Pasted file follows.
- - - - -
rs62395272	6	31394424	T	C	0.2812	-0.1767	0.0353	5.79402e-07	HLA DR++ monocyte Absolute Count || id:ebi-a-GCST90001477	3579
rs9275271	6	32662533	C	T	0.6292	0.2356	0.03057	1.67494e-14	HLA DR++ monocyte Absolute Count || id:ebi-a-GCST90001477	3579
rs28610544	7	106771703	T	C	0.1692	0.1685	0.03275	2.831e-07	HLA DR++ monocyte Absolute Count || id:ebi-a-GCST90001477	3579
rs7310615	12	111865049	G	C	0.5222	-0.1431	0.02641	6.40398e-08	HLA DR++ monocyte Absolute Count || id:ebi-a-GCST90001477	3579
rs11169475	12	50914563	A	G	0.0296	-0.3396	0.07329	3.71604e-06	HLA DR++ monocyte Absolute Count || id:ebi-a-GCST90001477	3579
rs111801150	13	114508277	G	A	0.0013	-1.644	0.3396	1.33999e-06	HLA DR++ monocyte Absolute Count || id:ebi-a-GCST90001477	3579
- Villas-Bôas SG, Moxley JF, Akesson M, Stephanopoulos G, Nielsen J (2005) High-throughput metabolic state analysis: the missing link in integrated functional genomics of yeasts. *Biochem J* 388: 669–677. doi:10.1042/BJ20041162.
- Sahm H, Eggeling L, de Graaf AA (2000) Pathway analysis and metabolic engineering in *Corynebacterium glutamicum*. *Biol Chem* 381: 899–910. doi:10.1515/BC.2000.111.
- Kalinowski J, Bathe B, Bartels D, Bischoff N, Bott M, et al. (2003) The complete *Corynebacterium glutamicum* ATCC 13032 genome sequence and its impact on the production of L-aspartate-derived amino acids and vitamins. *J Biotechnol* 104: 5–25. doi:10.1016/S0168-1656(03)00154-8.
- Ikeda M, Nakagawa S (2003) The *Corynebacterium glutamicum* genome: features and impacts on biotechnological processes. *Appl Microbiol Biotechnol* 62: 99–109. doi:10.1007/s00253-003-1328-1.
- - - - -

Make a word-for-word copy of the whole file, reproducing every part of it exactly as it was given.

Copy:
rs62395272	6	31394424	T	C	0.2812	-0.1767	0.0353	5.79402e-07	HLA DR++ monocyte Absolute Count || id:ebi-a-GCST90001477	3579
rs9275271	6	32662533	C	T	0.6292	0.2356	0.03057	1.67494e-14	HLA DR++ monocyte Absolute Count || id:ebi-a-GCST90001477	3579
rs28610544	7	106771703	T	C	0.1692	0.1685	0.03275	2.831e-07	HLA DR++ monocyte Absolute Count || id:ebi-a-GCST90001477	3579
rs7310615	12	111865049	G	C	0.5222	-0.1431	0.02641	6.40398e-08	HLA DR++ monocyte Absolute Count || id:ebi-a-GCST90001477	3579
rs11169475	12	50914563	A	G	0.0296	-0.3396	0.07329	3.71604e-06	HLA DR++ monocyte Absolute Count || id:ebi-a-GCST90001477	3579
rs111801150	13	114508277	G	A	0.0013	-1.644	0.3396	1.33999e-06	HLA DR++ monocyte Absolute Count || id:ebi-a-GCST90001477	3579
- Villas-Bôas SG, Moxley JF, Akesson M, Stephanopoulos G, Nielsen J (2005) High-throughput metabolic state analysis: the missing link in integrated functional genomics of yeasts. *Biochem J* 388: 669–677. doi:10.1042/BJ20041162.
- Sahm H, Eggeling L, de Graaf AA (2000) Pathway analysis and metabolic engineering in *Corynebacterium glutamicum*. *Biol Chem* 381: 899–910. doi:10.1515/BC.2000.111.
- Kalinowski J, Bathe B, Bartels D, Bischoff N, Bott M, et al. (2003) The complete *Corynebacterium glutamicum* ATCC 13032 genome sequence and its impact on the production of L-aspartate-derived amino acids and vitamins. *J Biotechnol* 104: 5–25. doi:10.1016/S0168-1656(03)00154-8.
- Ikeda M, Nakagawa S (2003) The *Corynebacterium glutamicum* genome: features and impacts on biotechnological processes. *Appl Microbiol Biotechnol* 62: 99–109. doi:10.1007/s00253-003-1328-1.